‘The Stand’ is one of Stephen King’s quintessential novels. The hardcover version released in 1978 was set in 1980, and the paperback version that came later updated the timeline to 1985. An extended novel dubbed ‘The Complete and Uncut Edition’ was released in 1990 and the story was updated again to fit that decade. ‘The Stand’ was first made into a network miniseries in 1994, and now in 2021 a new series is available on Paramount+. There’s lots of material to draw from to create a great apocalyptic horror movie.
When word first came out that ‘The Stand’ was being updated for the screen, it was rumoured as a feature-length movie in theatres. Over the years, many ideas were floated as to what form it would ultimately take. Finally it ended up being a limited series on CBS All Access (which became Paramount+). Right around the time the ‘The Stand’ started shooting, the CoronaVirus pandemic hit. This brought a potentially more scary perspective to the telling of the story. Perhaps a few rewrites could play off the fears of a world in lockdown, true horror that pushed people’s imaginations and somehow brought them out the other side. Turns out that was too much to expect.
The new version of the ‘The Stand’ (2020) doesn’t do the book justice and mostly feels like a jumbled rewrite of the original miniseries. The writers didn’t capture the essence of the book, which slowly builds intensity from start to finish. Instead they used a time-jumping flashback technique that killed any momentum from developing. The book and the 1994 miniseries were both told in a linear narrative, the tension slowly building until the moment of THE STAND between two opposing forces of human nature. This new take’s time jumping completely kills the central motivating force that drives the story.
Instead of showing the spread of the pandemic and meeting the survivors as they find each other in the aftermath of viral armageddon, the first episode shows people arriving safely in Boulder, Colorado. As characters are introduced, there are flashbacks to how they found each other some months earlier. The intrigue of how they decided to head across the country to seek the mysterious old woman they had all been dreaming about is gone.
Other changes also weaken the story. Hemingford Home was recast from a mysterious house in the corn fields of Nebraska to an old folks’ home near Boulder, Colorado — yet for some reason the corn fields remained in the dreams people were having of Mother Abigail. (In the book they gather first in Nebraska and go to Boulder together.) The relationship between ‘conservative’ Stu from Texas and ‘liberal’ Frannie from Maine loses its meaning with this approach. The Nick Andros and Tom Cullen story is pushed into the background so as to not matter, and the connection between Larry Underwood and Nadine Cross is downplayed to the point where it doesn’t make sense unless you know the book. Later on, there are scenes of depravity, nudity, and sex thrown in for a cheap thrill, but that’s the only thing that makes this series for an ‘adult’ audience. It ends up being far less interesting and scary than the ABC network miniseries of the 90s.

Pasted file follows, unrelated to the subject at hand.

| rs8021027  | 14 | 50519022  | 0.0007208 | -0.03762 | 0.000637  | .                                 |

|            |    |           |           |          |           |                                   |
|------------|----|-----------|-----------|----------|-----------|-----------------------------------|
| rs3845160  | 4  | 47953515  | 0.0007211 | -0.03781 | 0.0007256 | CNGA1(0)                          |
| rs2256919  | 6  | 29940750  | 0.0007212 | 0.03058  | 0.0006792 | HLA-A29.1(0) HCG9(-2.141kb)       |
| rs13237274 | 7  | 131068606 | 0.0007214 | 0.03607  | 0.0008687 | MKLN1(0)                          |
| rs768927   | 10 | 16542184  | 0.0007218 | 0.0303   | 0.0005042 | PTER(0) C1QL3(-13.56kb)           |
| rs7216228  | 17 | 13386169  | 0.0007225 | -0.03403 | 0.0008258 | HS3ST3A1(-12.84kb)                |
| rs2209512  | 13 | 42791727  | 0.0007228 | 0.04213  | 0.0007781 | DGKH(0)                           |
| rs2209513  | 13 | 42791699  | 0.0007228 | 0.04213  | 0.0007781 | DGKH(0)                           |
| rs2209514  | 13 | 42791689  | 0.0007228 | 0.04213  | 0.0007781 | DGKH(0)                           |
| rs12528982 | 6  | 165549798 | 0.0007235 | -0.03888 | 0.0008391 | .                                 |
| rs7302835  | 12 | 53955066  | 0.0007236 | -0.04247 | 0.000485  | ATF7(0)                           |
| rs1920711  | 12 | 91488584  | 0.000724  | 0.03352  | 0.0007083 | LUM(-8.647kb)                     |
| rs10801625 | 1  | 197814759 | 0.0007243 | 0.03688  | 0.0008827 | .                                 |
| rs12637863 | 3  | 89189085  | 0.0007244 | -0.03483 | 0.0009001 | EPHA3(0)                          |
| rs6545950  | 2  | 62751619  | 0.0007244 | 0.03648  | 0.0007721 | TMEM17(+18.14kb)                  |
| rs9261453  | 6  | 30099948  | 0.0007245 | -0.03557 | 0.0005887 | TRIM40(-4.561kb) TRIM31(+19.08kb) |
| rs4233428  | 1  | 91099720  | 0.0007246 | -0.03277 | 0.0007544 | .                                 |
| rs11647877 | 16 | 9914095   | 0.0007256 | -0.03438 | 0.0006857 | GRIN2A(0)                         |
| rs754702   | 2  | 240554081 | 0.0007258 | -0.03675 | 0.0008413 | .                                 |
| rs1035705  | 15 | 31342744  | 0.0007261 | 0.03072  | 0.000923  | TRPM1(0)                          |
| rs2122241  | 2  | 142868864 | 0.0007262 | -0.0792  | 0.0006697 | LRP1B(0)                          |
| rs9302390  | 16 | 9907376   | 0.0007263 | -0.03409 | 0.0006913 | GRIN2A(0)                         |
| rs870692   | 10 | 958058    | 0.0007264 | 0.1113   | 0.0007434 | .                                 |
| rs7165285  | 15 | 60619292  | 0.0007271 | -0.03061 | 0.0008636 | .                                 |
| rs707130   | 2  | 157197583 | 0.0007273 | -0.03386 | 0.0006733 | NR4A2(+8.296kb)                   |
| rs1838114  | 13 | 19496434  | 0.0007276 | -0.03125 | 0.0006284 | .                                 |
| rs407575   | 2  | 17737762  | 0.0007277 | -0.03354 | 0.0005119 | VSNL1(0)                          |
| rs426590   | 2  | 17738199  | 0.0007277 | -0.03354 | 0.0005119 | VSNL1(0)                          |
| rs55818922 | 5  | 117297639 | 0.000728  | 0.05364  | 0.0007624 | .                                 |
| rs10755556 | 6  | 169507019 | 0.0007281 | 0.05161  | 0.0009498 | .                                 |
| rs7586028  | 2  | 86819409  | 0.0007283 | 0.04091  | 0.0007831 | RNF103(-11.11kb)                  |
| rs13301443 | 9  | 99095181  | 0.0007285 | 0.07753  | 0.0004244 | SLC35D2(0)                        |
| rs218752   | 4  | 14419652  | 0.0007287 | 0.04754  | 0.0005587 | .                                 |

This version of ‘The Stand’ also seems to have fallen victim to a current wave of timidness and political correctness in American television and film. Rather than challenging people to understand cultural forces like racism and sexism, the writing comes off as scared to offend anyone. The races and genders of a few characters from the book are changed, but the reimagined characters and relationships often come off as less interesting than the original.
Larry Underwood is black, whereas in the book he is a white singer who people say sounds ‘black’. Nadine Cross, originally a raven-haired mousey woman with mysterious sex appeal, has been changed into a blonde knockout. This kills the sense of mystery surrounding her and ruins the plot moment of her hair turning white overnight when she is impregnated by the dark man. Imagine the tension and prurience if Nadine was cast as a woman of colour who wanted Larry to save her from the dark man (Flagg) and his hold of ownership over her soul. That would be more interesting than a blonde white woman throwing herself at a black man at the last minute; an act that makes little sense here because it’s never set up like in the book.
There’s so much that could be done with ‘The Stand’ to make a great movie. Instead this version falls flat with a campy script that plays off the old miniseries and feels scared of being too horrific or doing anything new. Why make horror that’s scared to be scary? It feels like a shame and a wasted opportunity because another version of ‘The Stand’ probably won’t be attempted for a decade or more, if ever. So a quintessential Stephen King horror novel ends up being just another timid Hollywood fluff piece.
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